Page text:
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Mayors’ study: Hunger in Charlotte on the rise, but homelessness declines

Hunger is on the rise in Mecklenburg County as requests for emergency food from Second Harvest Food Bank of Metrolina rose 12.5 percent between Sept. 1, 2013 and this past Aug. 31, according to a 25-city hunger and homelessness survey released Thursday by the U.S. Conference of Mayors.

At the same time, the number of homeless families in Charlotte fell by 27 percent – and homeless individuals by 8 percent – during that period, the survey said.

The report is prepared each year by the mayors of the survey cities, members of a hunger and homelessness task force. The task force this year included Charlotte Mayor Dan Clodfelter. The numbers for hunger were compiled by Second Harvest and for homelessness by the city’s Neighborhood and Business Services.

Kay Carter, Second Harvest’s CEO, said the numbers on hunger are conservative. She said they were based on reports from 200 pantries, soup kitchens and shelters.

“With over 153,000 people in Mecklenburg County living at or below the poverty level – including 60,000 children and seniors – hunger continues to be a significant issue in our community,” Carter said.

Most poor families, she said, “struggle on a daily basis to meet all their basic needs ... resulting in them needing the services of an emergency pantry.”

The Mayors’ report comes at a time when a Mecklenburg County task force is searching for causes to why economic mobility for the poor is so daunting here and solutions. Last January, Harvard University and the University of California at Berkeley released a study showing that upward mobility for children in poverty is more difficult in Charlotte than in any of the country’s 50 largest cities.

That task force is expected to deliver a report in late 2015.

In the Mayors’ survey, Charlotte was one of 17 of the 25 cities that reported an increase in emergency food requests.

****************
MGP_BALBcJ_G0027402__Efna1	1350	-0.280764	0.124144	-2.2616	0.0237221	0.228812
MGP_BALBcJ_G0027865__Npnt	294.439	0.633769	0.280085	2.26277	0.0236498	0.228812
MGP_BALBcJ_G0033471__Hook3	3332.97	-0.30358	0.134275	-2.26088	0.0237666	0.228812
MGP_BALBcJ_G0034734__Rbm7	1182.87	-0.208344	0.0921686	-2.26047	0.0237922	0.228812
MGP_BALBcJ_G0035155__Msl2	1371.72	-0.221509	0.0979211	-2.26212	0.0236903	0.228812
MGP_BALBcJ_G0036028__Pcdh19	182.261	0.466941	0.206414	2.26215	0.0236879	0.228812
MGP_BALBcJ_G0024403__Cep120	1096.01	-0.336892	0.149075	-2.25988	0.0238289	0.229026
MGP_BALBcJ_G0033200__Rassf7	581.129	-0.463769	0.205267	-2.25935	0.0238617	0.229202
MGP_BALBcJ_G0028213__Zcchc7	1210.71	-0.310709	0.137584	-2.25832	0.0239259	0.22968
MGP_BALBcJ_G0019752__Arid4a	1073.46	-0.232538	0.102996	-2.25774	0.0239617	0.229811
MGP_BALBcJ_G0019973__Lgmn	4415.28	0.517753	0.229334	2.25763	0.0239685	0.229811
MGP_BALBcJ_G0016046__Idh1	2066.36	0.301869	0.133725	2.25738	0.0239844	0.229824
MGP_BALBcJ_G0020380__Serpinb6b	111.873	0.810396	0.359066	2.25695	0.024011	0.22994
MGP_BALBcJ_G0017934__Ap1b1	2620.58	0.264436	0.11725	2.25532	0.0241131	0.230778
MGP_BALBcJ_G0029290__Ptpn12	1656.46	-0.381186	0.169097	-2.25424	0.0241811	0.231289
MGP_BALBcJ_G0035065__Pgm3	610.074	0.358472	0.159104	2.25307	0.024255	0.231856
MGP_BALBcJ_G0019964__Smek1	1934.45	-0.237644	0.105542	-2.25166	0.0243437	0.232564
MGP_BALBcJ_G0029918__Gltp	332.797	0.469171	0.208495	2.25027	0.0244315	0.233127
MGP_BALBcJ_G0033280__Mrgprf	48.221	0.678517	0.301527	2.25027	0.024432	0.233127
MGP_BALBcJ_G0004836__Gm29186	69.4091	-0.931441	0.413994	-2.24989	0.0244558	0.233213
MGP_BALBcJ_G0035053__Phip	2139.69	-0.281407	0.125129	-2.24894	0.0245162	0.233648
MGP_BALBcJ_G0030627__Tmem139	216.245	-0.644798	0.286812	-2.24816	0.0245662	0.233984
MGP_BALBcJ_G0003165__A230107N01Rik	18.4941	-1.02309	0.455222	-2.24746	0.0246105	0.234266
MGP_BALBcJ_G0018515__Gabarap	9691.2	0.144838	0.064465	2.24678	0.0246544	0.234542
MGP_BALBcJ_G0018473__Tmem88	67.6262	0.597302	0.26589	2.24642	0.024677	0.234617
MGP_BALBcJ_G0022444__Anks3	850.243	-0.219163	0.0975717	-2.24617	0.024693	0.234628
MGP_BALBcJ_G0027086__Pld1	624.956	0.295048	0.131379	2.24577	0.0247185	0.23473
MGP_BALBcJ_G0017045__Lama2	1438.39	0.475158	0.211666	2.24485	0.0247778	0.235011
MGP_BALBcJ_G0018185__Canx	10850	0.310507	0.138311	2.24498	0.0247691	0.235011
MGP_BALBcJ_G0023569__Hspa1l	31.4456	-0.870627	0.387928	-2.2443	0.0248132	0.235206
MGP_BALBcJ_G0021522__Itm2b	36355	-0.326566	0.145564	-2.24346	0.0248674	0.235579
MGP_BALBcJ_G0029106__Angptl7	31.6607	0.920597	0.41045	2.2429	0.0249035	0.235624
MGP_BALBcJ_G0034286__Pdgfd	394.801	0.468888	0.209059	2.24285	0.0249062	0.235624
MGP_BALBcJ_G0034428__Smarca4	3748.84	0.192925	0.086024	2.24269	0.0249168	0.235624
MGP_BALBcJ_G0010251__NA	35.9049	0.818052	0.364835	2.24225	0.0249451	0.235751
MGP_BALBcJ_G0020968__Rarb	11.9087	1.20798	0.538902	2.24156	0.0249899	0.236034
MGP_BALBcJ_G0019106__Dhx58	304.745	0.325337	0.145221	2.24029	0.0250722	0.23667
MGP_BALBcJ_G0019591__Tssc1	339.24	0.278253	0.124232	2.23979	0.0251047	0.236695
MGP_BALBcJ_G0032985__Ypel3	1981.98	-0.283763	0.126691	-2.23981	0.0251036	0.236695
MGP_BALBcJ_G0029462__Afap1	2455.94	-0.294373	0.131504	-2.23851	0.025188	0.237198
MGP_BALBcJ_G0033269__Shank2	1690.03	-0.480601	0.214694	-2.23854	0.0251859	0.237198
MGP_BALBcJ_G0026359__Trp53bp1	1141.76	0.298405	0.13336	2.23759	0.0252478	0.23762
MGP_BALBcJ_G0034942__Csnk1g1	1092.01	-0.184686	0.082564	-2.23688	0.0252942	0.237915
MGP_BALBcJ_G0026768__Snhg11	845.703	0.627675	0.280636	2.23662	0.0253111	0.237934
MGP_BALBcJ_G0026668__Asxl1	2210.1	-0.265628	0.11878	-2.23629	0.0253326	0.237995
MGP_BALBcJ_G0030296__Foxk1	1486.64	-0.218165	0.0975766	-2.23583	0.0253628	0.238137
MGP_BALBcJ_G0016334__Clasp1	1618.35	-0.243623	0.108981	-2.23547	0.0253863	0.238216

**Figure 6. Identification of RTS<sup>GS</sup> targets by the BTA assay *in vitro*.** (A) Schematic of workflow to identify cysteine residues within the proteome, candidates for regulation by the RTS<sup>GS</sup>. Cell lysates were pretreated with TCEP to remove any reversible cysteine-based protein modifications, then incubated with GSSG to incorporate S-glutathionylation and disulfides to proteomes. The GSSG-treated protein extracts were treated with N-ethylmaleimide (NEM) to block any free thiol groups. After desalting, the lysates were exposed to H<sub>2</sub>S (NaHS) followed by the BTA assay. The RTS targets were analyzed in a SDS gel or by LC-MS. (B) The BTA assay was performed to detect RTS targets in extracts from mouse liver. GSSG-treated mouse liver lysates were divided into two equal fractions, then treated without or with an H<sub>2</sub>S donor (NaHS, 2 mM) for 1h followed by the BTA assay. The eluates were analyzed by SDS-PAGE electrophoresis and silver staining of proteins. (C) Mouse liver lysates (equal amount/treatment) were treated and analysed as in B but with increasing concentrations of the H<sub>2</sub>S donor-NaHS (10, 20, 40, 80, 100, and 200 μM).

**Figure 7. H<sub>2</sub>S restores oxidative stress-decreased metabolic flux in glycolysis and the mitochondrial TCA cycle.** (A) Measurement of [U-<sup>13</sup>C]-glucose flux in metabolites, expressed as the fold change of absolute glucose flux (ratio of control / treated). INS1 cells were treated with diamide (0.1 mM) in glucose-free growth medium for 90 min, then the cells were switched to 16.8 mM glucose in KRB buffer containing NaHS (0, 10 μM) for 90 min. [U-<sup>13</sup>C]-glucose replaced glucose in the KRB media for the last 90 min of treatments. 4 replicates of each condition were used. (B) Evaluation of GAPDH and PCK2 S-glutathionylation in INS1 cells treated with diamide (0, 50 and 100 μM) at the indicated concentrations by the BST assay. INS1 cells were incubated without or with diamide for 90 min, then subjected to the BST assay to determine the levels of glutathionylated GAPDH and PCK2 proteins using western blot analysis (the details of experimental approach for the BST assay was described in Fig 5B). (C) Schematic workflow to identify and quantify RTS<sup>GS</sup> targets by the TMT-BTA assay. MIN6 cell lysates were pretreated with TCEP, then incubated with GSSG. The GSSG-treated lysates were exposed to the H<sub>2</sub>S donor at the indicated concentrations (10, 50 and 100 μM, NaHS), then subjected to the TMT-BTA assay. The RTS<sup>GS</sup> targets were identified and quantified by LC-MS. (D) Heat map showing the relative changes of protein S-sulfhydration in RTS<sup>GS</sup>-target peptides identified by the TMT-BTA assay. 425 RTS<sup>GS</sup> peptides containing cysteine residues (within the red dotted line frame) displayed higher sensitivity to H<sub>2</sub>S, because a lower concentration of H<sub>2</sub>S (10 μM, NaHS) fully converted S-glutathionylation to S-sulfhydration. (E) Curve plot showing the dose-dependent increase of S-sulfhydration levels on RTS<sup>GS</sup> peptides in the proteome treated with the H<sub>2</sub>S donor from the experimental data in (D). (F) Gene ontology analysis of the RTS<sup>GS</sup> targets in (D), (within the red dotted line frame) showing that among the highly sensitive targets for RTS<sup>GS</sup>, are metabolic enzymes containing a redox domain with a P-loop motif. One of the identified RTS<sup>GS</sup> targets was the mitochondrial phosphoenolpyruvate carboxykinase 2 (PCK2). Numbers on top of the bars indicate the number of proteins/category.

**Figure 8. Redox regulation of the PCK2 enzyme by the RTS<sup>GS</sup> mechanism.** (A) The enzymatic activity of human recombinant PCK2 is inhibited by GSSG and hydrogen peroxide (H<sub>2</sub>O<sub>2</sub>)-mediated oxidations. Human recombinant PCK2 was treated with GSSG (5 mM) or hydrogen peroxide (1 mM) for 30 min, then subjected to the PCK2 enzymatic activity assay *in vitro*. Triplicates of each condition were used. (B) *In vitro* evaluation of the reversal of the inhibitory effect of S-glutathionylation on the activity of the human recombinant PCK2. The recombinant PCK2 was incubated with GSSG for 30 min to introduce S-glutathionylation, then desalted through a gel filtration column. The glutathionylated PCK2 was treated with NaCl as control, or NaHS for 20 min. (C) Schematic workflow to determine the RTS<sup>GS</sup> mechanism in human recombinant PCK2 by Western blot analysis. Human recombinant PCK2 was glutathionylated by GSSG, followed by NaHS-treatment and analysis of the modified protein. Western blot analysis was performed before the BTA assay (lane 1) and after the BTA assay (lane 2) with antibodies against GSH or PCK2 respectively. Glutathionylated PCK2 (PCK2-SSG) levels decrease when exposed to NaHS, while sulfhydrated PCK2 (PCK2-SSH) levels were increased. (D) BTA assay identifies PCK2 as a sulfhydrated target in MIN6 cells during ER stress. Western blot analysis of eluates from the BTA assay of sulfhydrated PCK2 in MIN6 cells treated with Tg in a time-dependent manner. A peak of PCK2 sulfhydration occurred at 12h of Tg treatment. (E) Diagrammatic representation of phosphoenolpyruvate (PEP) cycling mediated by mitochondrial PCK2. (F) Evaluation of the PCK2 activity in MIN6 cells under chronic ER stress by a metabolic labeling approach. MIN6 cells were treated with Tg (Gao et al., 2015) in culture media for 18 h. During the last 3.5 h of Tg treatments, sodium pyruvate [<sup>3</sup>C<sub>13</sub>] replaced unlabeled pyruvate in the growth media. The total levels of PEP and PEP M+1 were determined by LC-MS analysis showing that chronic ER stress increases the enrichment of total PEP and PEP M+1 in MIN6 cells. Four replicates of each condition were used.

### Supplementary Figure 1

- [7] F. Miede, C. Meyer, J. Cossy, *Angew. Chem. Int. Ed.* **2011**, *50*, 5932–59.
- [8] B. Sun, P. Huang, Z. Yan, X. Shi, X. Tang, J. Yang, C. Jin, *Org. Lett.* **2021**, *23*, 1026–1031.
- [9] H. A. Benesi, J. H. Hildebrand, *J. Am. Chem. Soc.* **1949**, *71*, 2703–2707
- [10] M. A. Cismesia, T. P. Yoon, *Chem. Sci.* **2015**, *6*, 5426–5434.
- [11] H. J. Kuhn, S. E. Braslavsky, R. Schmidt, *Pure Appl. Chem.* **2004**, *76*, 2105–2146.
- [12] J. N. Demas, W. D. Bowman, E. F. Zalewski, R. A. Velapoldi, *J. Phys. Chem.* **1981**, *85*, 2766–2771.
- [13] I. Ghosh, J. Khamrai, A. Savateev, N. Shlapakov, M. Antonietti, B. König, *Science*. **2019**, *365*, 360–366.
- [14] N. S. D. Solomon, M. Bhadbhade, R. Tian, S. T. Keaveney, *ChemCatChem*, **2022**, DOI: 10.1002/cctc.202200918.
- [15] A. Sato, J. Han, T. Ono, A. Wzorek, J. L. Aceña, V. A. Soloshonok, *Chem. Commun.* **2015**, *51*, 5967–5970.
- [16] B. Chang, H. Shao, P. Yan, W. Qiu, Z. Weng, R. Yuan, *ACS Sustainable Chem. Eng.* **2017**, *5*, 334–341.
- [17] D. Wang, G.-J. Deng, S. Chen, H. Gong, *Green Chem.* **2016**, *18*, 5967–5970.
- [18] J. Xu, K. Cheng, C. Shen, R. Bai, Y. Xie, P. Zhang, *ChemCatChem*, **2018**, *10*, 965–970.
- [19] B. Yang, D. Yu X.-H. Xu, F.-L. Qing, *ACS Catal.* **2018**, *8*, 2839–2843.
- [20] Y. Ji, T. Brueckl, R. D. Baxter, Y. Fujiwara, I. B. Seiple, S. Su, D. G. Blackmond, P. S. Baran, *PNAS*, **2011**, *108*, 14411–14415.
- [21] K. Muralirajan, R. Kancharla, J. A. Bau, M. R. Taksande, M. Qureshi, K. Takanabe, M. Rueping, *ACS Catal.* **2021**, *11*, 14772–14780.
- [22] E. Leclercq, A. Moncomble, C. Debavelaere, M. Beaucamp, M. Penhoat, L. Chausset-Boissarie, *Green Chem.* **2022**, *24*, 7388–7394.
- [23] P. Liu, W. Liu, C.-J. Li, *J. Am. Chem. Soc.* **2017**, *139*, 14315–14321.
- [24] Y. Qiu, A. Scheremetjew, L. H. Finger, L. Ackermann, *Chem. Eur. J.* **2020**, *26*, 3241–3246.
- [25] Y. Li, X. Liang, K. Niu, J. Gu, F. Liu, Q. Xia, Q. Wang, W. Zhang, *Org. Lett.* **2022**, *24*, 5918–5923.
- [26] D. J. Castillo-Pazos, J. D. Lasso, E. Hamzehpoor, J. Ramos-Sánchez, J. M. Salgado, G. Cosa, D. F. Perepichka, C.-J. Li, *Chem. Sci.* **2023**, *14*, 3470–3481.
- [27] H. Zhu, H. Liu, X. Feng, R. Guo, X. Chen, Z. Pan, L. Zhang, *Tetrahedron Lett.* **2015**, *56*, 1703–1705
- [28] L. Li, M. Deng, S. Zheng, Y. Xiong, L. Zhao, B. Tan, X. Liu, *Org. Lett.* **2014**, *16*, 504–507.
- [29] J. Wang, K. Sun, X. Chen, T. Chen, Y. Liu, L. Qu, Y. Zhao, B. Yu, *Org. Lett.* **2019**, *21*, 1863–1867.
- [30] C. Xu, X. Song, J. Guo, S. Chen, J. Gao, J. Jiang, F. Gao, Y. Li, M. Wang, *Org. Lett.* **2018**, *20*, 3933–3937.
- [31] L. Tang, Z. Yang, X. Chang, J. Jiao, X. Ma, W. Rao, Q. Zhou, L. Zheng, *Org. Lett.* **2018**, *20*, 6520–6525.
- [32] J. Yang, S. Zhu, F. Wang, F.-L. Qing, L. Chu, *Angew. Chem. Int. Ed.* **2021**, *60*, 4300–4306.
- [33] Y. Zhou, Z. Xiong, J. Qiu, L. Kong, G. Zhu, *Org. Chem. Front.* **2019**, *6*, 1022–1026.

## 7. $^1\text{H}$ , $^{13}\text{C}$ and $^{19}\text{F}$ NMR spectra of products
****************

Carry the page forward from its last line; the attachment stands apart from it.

The report said that in Charlotte 10 percent of food needs went unmet, less than half of the national average of 22 percent. The city joined 16 other cities in the survey reporting an increase in emergency food requests.

In 82 percent of the cities, including Charlotte, emergency kitchens and food pantries had to reduce the frequency that individuals or families could visit a food pantry, the survey said.

At times, some pantries in Charlotte had to turn people away, the report said. Still, more than 42.3 million pounds of food was distributed, a 12 percent increase over the previous year.

Beverly Howard, executive director of Loaves & Fishes, the city’s largest food pantry, said her organization saw a decrease in food requests.

The study showed that 83 percent of people requesting food assistance were employed. But Howard said 60 percent of the heads of families requesting food from Loaves & Fishes were looking for jobs or were disabled.

“It’s extremely difficult to get solid data on hunger,” Howard said. “Second Harvest bases its numbers on many pantry organizations that are their members.”

On homelessness, Charlotte was among the nine surveyed cities where the number of families who needed emergency shelters decreased the past year. The number of the city’s homeless families declined by 27 percent and individuals by 8 percent over the past year.

Nationally, 43 percent of cities reported an increase and 22 percent said the number stayed the same.

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